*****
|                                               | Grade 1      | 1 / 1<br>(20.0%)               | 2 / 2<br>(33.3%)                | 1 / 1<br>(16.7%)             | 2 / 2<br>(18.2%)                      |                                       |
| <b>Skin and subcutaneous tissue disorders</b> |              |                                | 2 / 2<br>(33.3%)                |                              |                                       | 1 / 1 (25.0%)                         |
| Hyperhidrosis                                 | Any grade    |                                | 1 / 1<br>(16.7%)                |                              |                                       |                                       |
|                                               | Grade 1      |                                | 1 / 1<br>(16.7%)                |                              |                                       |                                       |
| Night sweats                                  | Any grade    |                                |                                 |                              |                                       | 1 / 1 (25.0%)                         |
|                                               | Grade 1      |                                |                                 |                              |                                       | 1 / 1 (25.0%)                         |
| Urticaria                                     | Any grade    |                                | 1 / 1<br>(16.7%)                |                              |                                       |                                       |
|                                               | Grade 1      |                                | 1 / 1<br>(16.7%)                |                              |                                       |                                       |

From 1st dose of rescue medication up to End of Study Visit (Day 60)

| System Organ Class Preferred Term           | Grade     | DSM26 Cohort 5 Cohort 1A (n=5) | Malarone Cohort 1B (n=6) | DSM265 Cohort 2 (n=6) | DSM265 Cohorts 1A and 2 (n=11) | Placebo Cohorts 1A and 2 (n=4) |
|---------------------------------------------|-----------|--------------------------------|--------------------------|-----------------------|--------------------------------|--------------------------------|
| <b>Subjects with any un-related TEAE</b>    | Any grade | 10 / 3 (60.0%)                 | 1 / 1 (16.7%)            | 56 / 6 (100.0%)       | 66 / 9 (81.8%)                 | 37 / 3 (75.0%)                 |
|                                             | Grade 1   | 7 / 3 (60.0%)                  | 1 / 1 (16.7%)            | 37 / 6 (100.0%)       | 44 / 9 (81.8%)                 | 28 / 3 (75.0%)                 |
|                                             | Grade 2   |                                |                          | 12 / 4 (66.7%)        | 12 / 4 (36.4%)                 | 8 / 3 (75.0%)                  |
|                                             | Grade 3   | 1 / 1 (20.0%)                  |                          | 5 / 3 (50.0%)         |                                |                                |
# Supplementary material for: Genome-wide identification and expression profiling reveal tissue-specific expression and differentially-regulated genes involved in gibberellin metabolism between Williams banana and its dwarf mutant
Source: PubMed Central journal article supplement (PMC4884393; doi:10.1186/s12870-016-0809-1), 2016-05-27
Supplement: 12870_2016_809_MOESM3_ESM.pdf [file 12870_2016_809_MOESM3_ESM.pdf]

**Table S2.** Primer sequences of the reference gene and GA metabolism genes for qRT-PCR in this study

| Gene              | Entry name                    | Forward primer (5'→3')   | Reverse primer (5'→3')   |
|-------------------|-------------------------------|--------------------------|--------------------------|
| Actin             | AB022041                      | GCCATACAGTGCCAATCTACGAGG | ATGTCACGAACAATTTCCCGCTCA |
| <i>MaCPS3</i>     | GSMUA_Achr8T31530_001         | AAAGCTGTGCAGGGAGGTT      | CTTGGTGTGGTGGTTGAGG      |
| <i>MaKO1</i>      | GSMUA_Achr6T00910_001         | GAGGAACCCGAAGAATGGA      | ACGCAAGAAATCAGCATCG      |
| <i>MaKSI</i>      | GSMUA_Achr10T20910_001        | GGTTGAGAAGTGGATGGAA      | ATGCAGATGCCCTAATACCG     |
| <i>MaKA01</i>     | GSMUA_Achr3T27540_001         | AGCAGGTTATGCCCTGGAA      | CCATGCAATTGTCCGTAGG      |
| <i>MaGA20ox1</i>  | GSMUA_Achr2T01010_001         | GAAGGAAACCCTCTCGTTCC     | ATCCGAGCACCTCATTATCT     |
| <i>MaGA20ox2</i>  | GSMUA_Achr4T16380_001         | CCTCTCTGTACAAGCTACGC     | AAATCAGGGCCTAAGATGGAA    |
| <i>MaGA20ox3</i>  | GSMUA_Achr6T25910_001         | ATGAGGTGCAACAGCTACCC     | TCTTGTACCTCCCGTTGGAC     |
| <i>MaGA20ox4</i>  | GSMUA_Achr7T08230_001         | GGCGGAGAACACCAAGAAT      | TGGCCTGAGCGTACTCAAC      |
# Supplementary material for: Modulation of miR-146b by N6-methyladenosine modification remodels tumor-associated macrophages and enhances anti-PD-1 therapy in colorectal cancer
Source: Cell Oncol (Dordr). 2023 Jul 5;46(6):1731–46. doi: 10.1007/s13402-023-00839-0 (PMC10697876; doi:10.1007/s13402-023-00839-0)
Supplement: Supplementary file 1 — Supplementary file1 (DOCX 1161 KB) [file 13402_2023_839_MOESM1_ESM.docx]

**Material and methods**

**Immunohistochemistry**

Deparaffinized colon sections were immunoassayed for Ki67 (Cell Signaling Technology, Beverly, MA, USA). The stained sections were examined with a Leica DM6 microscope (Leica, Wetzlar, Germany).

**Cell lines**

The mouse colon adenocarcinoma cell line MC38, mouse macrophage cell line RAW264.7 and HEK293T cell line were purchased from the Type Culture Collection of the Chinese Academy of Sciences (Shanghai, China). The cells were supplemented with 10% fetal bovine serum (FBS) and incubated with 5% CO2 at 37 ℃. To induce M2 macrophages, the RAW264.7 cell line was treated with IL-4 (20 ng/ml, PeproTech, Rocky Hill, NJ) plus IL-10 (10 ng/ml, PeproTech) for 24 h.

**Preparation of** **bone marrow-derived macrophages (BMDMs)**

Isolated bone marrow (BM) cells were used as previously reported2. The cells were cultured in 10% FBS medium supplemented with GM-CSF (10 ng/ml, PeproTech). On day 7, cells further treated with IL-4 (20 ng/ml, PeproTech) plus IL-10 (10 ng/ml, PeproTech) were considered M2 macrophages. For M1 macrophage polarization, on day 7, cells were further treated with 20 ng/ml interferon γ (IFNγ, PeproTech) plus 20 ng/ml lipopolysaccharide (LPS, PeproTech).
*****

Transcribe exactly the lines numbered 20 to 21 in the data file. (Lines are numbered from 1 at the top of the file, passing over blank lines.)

| Gene              | Entry name                    | Forward primer (5'→3')   | Reverse primer (5'→3')   |
|-------------------|-------------------------------|--------------------------|--------------------------|